Wednesday, August 31, 2011

5 Grammatically Questionable Tattoos

Ever make an embarrassing grammatical mistake that other people judged you for? Of course you have; we’ve all made grammatical errors at some point. Now, imagine being stuck with one of those mistakes for the rest of your life. Believe it or not, people get misspelled or grammatically incorrect tattoos more often than you could imagine. How hard is it to do a quick Google search before permanently writing your biggest mistake ever? (Pretty difficult, apparently.)

Tuesday, August 30, 2011

Confusing Sentences That Actually Make Sense

Let’s face it: Sometimes the English language can be downright bizarre. The plural of ox is oxen while the plural of box is boxes, ‘rough’ rhymes with ‘gruff’ even though the two words only have two letters in common, and there are actually more than nine hundred exceptions to the infamous “i before e except after c” rule.

If you’re still not convinced that the English language is full of oddities and conundrums, take a look at these five wacky sentences that are actually grammatically correct.

Monday, August 29, 2011

The Editing Process: How to Get Started

by Georganna Hancock, M.S. editor at A Writer’s Edge, and special guest in this week’s #GrammarlyChat

When we speak of “editing” a manuscript, people generally have in mind copy or line editing. That concerns a variety of elements frequently labeled “grammar,” but in fact includes punctuation, capitalization, syntax and style matters.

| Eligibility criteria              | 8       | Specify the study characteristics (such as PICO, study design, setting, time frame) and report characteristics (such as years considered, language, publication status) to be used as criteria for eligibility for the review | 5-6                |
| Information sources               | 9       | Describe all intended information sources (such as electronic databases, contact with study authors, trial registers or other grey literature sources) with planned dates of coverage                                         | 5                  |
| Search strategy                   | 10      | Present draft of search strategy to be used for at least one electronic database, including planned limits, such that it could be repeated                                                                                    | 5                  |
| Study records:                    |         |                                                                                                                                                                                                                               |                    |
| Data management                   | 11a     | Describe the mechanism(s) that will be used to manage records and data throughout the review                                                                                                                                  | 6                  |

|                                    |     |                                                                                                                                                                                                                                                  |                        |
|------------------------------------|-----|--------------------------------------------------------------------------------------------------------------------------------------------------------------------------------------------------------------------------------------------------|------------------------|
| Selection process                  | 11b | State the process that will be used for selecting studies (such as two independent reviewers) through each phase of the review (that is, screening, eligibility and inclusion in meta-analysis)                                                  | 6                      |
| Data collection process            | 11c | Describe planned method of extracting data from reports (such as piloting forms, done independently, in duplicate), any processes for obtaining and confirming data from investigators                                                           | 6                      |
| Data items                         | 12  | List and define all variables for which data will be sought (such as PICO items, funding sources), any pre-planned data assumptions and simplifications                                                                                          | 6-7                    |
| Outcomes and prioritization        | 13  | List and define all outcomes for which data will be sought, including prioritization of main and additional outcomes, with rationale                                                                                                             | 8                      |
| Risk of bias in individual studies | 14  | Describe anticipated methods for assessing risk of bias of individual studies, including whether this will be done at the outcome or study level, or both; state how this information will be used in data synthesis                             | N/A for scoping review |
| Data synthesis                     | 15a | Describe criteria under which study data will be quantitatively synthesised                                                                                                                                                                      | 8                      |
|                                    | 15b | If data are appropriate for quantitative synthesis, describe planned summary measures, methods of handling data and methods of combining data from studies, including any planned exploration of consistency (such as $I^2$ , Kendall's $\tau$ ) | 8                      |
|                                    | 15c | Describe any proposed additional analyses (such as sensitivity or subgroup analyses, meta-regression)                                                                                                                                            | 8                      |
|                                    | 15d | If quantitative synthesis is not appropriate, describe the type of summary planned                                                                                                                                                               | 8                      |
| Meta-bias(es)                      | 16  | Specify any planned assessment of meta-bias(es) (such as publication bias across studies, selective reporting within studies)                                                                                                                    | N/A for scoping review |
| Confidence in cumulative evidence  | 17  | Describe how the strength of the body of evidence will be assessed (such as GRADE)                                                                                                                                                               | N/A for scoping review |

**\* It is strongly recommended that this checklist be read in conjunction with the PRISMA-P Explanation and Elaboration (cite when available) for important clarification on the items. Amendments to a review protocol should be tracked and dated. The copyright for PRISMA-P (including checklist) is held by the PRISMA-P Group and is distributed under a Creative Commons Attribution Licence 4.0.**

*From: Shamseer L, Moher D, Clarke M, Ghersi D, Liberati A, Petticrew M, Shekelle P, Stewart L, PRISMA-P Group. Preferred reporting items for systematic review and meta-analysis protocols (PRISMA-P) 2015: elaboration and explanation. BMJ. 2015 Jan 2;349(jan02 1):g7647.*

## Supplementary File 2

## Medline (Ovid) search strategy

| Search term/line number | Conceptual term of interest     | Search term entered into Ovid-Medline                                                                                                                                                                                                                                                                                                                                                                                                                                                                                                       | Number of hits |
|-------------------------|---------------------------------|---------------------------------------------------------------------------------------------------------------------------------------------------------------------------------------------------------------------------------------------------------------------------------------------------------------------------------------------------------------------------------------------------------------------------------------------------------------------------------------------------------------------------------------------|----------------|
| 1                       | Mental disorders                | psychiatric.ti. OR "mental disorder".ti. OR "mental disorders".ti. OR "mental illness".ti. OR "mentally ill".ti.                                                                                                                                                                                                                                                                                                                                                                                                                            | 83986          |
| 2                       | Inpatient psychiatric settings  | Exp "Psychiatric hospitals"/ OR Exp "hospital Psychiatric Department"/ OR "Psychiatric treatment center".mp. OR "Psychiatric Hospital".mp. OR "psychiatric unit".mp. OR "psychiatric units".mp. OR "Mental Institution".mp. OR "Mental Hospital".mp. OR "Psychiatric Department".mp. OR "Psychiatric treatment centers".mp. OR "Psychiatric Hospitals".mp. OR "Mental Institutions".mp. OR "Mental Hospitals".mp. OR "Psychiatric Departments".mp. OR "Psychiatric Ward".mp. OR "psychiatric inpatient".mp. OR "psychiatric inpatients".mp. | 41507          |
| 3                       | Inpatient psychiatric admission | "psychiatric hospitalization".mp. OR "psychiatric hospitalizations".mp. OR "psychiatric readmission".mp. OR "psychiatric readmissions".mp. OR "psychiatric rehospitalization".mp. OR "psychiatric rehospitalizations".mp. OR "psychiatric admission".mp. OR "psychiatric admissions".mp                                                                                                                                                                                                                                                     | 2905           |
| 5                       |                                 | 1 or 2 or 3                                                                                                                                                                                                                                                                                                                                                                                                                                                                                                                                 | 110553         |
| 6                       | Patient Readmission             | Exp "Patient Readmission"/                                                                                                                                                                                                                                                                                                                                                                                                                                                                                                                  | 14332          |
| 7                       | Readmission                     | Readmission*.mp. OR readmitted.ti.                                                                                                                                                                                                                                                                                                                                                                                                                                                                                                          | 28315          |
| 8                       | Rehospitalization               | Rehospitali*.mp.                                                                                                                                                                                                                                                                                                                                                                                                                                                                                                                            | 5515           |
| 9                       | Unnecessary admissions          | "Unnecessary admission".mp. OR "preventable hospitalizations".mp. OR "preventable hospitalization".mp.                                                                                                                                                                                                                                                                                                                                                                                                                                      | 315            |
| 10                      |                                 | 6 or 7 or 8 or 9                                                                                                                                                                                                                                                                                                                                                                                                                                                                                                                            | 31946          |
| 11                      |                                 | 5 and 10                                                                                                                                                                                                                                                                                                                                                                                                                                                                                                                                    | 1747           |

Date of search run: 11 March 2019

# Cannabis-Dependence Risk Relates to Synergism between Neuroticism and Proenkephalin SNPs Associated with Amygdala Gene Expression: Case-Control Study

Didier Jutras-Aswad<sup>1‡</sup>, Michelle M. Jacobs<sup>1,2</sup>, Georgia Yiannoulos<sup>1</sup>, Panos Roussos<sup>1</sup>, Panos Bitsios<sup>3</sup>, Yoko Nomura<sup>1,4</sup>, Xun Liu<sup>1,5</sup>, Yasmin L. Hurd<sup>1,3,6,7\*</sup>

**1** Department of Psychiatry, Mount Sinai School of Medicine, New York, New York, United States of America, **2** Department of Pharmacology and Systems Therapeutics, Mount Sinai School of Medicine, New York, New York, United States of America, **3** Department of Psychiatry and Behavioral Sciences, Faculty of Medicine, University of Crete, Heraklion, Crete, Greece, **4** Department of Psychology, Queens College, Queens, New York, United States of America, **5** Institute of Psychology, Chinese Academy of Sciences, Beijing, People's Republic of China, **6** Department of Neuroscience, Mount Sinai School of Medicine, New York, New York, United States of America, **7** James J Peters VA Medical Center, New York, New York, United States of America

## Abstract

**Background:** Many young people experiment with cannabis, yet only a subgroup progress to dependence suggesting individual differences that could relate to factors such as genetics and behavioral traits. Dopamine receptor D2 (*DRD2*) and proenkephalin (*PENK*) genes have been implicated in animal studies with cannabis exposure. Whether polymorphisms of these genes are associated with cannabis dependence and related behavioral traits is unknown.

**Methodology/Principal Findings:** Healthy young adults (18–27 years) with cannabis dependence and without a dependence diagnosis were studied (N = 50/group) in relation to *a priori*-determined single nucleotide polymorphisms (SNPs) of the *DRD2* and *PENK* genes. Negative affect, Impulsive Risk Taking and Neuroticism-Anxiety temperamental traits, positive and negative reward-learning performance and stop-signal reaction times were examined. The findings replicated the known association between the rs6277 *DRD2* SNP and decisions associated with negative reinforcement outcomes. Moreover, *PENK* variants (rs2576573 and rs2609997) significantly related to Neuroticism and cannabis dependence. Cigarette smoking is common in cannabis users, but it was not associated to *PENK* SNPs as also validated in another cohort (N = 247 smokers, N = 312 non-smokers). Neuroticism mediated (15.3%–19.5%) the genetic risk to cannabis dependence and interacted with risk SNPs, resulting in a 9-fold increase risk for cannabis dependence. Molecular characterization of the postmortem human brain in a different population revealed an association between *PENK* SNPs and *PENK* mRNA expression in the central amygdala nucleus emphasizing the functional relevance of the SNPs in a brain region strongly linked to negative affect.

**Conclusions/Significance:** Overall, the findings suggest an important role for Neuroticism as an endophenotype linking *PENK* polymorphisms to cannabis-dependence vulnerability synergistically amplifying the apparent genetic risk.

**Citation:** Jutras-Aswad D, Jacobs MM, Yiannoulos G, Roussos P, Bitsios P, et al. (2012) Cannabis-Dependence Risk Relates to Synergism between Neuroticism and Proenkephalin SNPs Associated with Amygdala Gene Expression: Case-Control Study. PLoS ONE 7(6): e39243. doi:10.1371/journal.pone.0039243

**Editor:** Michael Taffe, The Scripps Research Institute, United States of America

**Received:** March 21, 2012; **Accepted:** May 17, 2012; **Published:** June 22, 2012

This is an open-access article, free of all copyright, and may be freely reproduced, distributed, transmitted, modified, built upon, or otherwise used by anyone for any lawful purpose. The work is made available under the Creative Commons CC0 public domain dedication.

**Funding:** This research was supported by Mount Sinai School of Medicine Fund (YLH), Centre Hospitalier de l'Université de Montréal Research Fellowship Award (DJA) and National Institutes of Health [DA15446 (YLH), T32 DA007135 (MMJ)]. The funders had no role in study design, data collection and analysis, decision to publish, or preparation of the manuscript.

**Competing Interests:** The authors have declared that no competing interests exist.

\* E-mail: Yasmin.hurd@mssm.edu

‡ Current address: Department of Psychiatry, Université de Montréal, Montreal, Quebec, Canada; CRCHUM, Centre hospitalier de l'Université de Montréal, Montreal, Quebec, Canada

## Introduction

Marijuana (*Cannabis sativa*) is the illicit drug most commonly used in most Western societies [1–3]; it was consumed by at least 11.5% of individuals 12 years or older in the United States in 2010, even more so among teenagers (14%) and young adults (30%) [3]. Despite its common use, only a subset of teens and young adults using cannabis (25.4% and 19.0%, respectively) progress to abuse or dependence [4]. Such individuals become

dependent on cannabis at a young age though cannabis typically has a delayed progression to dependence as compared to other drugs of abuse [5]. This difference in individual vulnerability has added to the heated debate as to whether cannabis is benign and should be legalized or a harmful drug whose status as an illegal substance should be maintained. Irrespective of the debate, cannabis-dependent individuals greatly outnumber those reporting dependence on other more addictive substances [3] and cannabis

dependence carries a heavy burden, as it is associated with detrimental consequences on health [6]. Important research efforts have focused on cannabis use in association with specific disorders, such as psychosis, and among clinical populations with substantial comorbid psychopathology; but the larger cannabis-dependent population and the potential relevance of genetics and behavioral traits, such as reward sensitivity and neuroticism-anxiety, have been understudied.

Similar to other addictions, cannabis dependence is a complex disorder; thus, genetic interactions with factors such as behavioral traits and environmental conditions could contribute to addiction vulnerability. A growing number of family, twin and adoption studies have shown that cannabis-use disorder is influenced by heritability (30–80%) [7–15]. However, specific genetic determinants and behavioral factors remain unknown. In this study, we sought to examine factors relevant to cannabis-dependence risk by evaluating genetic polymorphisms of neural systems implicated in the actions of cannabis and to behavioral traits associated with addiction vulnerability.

Large publishers offer several other types of editing but independent editors also provide them on a freelance basis.

Friday, August 26, 2011

3 Apps to Save You Time on Work Chat

Do you often find yourself scrambling to get everything done? The good news is that taking a few short seconds to install an app can save you hours. If you use Slack to communicate at work, learn how to make this collaboration tool work most effectively.

Apps for Slack

Reacji Channeler

Imagine that you want to send the same message to various people on a regular basis. In the past, you might have tediously copied the message from one channel to another.

Wednesday, August 24, 2011

5 Funniest Grammar/Spelling Mistakes in Kids’ Letters

It’s always adorable when children attempt to write letters or caption illustrations, but can’t quite get the wording right. What’s even more adorable is when children write something they didn’t intend to write at all. Whether the culprit is bad handwriting or simply not sounding out a word correctly, ensure that you are encouraging your child to write by being supportive of all attempts.

Tuesday, August 23, 2011

3 Works to Celebrate Martin Luther King Jr.

In President Obama’s final State of the Union address, he included a call on Americans to use their “voices of unarmed truth and unconditional love,” as Dr. Martin Luther King Jr. called them. Dr. King’s legacy lives on not only in Obama’s speech but also in the minds and hearts of Americans as we celebrate Martin Luther King Jr. Day on the third Monday of January each year. The following three books are touching reminders of the life of this exceptional activist, humanitarian, and civil rights leader.

Thursday, August 18, 2011

Does grammar affect your product choices?